Perhaps this alludes to the domination of defective sectarian consciousness upon all parties, implying that everyone is lying to one another when they speak of nationalism and one nation etc.

In any case, that which causes major concern and fear is the reawakening of sectarianism in the recent Lebanese crisis. The Mufti of Mount Lebanon, Sheikh Mohammed Ali al Jozo, discussed Secretary General of Hezbollah, Sayyed Hassan Nasrallah’s recent speech that was undoubtedly convulsive and evil, however Sheikh Jozo’s response was even worse! He described Nasrallah, as published in Asharq Al Awsat, as having “illusions, sick fantasies, a psychological complex, doctrinal hatred that he cannot conceal as well as a deep-rooted culture of audacity towards the distinguished elders of Islamic history.”

There is a clear indication of the sectarian dimension and traditional and defamatory literature exchanged between Sunnis and Shia throughout the history of Islam.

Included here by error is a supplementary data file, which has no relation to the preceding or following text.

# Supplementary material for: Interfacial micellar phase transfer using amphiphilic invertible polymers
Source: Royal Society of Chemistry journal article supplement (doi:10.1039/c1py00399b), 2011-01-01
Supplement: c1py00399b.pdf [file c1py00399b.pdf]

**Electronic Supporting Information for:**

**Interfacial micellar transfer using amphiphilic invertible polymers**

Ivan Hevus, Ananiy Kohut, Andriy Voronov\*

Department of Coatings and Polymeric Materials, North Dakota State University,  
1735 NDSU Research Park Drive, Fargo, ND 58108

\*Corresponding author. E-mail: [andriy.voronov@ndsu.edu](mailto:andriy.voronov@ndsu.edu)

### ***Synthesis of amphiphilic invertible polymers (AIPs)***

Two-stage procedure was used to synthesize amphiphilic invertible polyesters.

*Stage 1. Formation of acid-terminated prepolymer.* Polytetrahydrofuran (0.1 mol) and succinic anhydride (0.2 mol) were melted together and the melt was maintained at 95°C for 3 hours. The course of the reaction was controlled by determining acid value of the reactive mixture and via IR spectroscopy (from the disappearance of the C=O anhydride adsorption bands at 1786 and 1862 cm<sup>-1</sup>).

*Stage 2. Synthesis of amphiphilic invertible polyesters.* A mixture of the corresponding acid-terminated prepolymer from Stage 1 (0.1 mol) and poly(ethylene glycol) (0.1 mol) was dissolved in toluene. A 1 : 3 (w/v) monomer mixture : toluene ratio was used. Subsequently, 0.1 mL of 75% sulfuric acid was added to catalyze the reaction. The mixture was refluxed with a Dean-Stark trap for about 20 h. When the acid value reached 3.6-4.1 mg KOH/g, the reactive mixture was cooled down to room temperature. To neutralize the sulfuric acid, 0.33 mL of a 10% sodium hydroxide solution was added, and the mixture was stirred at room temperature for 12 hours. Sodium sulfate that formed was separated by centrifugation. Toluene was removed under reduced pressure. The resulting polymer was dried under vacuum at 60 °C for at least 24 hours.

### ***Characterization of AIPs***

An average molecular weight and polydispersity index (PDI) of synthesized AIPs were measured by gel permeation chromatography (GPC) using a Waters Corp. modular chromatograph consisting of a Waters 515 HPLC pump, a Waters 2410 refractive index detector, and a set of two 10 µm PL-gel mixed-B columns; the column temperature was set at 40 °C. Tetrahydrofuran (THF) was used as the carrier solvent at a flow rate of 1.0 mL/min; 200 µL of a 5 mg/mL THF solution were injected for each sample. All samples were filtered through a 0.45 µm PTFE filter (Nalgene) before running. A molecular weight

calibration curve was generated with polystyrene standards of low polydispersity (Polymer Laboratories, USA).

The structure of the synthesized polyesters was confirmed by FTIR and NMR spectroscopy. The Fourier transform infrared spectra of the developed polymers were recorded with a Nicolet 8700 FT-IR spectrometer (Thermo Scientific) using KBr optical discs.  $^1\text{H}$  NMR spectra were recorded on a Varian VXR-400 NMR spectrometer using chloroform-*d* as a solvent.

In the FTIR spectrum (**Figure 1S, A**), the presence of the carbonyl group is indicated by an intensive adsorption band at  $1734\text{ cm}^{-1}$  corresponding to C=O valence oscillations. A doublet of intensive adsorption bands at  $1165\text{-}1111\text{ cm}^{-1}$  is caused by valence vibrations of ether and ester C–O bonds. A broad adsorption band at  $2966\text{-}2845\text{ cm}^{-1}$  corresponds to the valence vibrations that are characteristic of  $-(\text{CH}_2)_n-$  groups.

Another Sunni cleric, of whose significance to Lebanon I am unaware, is popular amongst some fanatics in the Gulf who are against the Shia. Sheikh Abdul Rahman Dimashqia , who had dedicated a website to “defend the Sunnis”, attacked Sheikh Fathi Yakan, who led Hezbollah supporters in Friday prayers or rather “political prayers.” However, this Sheikh Dimashqia sought to improve the situation but actually made it worse by his blazing article entitled, “A Call for the Mobilization of Sunnis in Lebanon and a Call to the Traitors such as Fathi and others.” He addressed the Sunnis and Shia in Lebanon by using the “religious jealousy” approach, quite common amongst the Lebanese sects! He said, “This call is not for you to pick up your arms, however, to accept that protecting and defending lives and dignity is justified so that we would not be slaughtered like sheep or in the way that the grandchildren of Abdullah Ibn Saba slaughtered our brothers in Iraq.”